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Leap Defends Performance Despite Stock Drop, Authorizes Buyback

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By Trevor Jensen





CHICAGO--The decline of The Leap Group's stock since its offering in October does not represent the true worth of the company, the chairman and chief executive officer told shareholders at the public company's first annual meeting last week.





The stock was issued at $10 per share and quickly dropped to about $6. Chairman Rick Lutterbach blamed the decline on institutional investors known in financial circles as 'flippers,' who buy and sell quickly based on an initial upward blip in a stock's price without regard to the company's value. That gluts the market and sends the price downwards.





'It's very hard to screw up a company that bad in 30 days,' Lutterbach said. 'What happened in those 30 days was largely mechanical. . . . From day one, the stock was poorly placed to too many 'renters."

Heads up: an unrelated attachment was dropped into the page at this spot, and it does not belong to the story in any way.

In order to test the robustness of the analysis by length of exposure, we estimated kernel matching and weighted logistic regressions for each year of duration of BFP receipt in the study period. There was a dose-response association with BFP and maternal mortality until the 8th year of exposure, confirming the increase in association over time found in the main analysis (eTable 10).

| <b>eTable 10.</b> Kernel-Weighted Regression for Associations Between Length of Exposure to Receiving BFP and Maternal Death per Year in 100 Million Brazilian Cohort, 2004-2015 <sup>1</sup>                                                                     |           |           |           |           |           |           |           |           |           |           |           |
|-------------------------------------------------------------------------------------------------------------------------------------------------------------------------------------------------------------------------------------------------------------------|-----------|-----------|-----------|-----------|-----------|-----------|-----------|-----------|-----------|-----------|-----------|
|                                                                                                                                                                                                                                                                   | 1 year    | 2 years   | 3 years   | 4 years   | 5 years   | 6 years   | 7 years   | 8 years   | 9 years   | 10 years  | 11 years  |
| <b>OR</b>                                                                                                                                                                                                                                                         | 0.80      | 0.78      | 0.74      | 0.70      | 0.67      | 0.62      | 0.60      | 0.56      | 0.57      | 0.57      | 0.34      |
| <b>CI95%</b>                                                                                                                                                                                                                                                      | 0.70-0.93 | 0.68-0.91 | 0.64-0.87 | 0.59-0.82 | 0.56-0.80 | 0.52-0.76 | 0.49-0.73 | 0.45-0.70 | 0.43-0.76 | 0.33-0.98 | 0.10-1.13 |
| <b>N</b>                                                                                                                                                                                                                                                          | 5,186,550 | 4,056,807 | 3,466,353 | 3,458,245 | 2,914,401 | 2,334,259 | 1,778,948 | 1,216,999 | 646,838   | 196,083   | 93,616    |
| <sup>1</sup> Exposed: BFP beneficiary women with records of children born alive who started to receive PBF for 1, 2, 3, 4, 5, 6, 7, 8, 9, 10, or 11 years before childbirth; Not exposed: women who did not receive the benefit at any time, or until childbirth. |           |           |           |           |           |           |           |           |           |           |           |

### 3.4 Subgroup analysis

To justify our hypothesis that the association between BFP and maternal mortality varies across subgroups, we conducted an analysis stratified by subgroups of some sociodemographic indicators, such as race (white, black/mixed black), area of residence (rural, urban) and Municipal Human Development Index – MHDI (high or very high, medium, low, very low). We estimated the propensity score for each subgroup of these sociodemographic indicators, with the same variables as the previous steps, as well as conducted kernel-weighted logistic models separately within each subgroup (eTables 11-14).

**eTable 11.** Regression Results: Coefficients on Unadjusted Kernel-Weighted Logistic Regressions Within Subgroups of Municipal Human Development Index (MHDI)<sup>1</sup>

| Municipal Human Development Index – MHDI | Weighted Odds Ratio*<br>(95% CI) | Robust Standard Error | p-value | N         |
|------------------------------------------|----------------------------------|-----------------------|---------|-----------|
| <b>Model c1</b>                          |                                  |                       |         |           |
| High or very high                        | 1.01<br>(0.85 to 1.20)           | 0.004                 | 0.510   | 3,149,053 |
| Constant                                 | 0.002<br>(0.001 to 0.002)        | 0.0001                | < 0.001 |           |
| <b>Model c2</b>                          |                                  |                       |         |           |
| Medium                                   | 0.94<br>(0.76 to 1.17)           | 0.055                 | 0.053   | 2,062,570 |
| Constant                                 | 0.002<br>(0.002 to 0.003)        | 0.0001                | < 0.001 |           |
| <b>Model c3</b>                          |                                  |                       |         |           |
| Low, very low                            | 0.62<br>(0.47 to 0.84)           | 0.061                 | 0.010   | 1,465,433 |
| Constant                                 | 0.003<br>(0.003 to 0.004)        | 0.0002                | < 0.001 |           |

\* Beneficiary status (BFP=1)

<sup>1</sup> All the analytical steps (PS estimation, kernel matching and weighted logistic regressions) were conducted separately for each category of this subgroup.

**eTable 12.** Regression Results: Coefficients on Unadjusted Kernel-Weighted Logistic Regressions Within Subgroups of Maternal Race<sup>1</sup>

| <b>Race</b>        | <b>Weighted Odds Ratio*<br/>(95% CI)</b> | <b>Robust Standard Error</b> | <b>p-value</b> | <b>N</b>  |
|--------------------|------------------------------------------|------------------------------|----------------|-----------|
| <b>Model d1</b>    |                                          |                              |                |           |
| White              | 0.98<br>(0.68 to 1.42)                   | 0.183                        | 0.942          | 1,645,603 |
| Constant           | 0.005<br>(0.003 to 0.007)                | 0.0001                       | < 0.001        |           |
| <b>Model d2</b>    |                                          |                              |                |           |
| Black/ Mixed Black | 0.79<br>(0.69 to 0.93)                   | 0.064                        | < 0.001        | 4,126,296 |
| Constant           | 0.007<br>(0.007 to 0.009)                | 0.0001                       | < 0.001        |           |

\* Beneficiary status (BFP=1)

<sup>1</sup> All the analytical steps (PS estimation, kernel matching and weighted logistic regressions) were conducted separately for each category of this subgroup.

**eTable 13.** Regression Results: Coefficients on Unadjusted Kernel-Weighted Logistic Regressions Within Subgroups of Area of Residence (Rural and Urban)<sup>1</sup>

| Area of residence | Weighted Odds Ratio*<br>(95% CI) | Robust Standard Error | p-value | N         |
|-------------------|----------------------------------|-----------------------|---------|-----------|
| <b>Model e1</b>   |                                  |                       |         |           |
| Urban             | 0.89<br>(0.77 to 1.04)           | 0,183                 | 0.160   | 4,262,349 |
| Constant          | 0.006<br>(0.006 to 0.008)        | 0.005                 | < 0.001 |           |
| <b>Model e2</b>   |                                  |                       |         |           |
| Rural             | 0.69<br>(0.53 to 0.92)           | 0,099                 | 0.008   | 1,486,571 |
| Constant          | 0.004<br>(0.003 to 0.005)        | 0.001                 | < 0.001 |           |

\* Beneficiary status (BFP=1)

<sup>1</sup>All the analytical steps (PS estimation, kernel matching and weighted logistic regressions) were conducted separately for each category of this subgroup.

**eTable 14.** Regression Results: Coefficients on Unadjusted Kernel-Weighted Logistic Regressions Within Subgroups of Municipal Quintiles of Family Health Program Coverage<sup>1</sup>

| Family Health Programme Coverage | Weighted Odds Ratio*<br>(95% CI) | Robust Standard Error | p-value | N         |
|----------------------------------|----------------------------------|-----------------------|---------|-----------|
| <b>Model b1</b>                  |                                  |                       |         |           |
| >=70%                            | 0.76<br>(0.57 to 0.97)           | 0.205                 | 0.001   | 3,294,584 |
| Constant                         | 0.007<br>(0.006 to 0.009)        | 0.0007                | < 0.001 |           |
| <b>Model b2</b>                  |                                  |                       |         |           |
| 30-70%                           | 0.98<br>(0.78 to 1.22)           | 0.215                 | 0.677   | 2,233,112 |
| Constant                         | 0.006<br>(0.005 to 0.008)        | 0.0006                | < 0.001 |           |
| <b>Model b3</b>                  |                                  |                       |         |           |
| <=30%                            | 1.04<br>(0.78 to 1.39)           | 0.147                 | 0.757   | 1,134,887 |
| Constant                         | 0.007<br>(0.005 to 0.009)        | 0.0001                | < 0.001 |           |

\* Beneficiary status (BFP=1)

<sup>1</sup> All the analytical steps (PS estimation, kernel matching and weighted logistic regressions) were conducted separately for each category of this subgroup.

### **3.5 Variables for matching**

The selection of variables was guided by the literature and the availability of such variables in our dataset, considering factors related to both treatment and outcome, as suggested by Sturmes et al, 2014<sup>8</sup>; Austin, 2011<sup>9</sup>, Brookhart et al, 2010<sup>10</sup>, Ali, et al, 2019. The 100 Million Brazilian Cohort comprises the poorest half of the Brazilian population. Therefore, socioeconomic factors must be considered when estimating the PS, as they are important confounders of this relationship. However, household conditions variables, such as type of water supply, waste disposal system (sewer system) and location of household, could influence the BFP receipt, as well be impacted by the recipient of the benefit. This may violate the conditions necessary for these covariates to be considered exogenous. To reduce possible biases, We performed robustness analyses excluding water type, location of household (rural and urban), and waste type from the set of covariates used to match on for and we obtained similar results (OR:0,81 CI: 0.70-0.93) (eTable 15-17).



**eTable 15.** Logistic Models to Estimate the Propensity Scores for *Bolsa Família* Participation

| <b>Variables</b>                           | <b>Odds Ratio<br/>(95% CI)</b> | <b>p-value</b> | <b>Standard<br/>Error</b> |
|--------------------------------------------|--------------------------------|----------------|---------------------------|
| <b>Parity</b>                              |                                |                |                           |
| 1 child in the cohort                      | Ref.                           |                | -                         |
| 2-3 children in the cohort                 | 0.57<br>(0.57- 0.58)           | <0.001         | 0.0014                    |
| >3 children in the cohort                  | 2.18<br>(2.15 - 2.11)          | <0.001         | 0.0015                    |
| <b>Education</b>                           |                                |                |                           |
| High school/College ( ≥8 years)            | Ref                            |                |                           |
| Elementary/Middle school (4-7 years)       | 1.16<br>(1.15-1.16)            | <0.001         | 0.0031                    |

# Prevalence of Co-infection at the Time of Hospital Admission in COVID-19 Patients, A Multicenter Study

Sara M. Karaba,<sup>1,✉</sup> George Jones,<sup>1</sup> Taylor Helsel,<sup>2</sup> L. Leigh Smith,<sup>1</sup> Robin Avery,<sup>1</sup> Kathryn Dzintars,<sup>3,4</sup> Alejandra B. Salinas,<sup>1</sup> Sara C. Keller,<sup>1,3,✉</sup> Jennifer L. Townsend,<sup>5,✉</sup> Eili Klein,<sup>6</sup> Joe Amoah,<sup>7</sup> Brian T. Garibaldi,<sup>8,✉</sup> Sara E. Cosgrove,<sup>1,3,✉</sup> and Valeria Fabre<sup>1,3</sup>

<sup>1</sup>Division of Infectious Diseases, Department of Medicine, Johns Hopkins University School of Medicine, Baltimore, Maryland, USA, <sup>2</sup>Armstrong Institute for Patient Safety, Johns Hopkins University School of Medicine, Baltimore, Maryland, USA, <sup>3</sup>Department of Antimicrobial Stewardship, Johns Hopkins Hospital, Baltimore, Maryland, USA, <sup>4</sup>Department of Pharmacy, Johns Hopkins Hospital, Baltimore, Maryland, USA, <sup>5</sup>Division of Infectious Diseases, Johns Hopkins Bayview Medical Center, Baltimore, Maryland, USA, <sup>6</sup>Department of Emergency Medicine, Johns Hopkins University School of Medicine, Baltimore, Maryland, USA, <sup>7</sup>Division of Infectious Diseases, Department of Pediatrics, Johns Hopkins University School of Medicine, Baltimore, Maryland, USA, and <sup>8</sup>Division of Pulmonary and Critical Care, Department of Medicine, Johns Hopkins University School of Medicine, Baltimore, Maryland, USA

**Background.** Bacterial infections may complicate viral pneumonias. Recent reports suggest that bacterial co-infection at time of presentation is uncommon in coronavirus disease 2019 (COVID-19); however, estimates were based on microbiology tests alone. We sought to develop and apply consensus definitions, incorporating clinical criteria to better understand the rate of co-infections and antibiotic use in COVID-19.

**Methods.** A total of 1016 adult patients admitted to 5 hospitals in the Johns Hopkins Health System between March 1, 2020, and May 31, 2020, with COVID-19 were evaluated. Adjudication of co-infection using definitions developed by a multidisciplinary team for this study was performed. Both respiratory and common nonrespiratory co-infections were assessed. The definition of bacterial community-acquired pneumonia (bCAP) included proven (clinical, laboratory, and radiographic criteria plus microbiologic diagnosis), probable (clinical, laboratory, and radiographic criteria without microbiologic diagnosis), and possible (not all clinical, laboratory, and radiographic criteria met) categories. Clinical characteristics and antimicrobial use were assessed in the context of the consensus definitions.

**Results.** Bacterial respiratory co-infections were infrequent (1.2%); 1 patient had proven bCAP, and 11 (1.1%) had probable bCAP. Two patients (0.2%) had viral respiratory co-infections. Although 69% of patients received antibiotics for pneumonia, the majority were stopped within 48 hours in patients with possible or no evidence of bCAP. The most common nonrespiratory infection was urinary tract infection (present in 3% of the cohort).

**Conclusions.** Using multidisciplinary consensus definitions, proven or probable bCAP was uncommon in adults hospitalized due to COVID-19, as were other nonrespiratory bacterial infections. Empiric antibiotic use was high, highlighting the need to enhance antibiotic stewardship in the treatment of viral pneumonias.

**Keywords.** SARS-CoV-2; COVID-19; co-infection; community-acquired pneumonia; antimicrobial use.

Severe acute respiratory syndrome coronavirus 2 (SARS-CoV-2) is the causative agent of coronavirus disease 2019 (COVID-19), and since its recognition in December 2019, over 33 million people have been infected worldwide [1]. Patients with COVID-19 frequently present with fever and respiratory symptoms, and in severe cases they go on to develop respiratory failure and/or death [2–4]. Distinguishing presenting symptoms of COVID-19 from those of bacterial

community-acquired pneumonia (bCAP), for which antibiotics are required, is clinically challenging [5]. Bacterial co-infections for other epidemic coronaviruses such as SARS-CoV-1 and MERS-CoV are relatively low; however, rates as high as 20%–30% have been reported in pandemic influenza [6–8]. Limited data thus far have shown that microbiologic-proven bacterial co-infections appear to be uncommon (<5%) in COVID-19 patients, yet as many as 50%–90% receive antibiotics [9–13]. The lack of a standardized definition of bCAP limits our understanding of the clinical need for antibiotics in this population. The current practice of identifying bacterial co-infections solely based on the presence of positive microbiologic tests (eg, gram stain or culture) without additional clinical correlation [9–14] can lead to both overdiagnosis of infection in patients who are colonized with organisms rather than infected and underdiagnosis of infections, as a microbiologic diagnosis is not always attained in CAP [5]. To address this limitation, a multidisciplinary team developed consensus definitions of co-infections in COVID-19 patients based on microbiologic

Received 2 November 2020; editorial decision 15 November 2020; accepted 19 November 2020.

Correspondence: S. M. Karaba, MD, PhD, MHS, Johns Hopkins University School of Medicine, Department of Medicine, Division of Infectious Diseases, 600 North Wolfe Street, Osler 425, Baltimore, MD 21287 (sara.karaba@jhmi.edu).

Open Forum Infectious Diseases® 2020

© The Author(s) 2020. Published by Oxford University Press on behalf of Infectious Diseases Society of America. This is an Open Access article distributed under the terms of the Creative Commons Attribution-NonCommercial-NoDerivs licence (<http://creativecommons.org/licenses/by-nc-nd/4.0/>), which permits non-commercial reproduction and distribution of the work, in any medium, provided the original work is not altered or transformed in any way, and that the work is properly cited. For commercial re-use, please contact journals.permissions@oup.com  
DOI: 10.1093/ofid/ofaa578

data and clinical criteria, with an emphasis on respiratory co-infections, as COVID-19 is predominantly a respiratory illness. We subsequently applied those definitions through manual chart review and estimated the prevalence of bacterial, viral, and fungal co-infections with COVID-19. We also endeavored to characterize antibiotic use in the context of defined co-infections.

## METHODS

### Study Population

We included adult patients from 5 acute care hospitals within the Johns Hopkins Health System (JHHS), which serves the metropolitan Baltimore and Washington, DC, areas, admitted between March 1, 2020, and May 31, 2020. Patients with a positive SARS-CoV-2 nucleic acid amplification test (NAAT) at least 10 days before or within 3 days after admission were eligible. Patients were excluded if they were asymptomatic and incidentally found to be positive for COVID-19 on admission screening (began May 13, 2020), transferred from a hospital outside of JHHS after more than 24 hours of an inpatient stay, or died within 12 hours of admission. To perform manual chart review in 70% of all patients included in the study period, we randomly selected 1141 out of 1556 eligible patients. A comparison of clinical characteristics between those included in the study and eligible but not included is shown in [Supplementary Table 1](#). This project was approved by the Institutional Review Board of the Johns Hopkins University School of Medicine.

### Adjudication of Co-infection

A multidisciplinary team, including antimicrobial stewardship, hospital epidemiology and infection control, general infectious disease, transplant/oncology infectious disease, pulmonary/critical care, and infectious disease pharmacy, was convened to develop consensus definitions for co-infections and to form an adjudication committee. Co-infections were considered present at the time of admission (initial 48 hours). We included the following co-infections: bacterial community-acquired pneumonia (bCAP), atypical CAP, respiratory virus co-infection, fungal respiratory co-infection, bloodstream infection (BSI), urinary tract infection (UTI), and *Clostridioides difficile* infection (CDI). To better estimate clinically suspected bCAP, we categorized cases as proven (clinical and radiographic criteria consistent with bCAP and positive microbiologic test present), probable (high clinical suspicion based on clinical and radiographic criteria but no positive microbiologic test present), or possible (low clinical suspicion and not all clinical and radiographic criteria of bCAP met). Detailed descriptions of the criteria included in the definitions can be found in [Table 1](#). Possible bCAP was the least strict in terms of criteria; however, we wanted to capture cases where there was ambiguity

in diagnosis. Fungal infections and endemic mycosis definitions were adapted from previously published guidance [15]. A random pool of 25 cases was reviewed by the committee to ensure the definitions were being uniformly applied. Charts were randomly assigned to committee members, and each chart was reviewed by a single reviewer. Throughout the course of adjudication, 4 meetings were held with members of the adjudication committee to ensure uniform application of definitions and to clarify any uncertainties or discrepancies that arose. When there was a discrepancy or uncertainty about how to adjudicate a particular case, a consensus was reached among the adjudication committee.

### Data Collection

The stock dropped even further after it was announced in December that Nike was pulling its Niketown retail account from The Leap Partnership agency in Chicago. The Nike business represented 25 percent of the company's 1997 revenue, according to The Leap Group's annual report.





Lutterbach, again defending the core value of Leap, contended the Nike loss was 'overly magnified' and said the ensuing drop in stock price was out of proportion.





At the market's opening on June 4, Leap Group shares were trading at 3 1/8.





Leap's board of directors responded to the stock's poor performance last week by authorizing the repurchase of up to 1 million shares for up to $3 million. Taking shares out of circulation is intended to increase their value. The move also 'sends a message that we have confidence in our company,' said Beth Pastor, vice president of corporate communications for The Leap Group.





Leap reported first quarter revenue of $4.47 million, up 120 percent from the same period the previous year. It also reported a net loss of $1.15 million, which it attributed to the costs of opening a Los Angeles office, starting up subsidiary Quantum Leap and acquiring YAR Communications in New York.





While defending the fiscal soundness of The Leap Group, the company chairman acknowledged that the investment community has not bought into the company.





'Brokers called early on to ask if there was a fire or someone took off with the money,' Lutterbach said. 'The perception of the company did not match the reality.'





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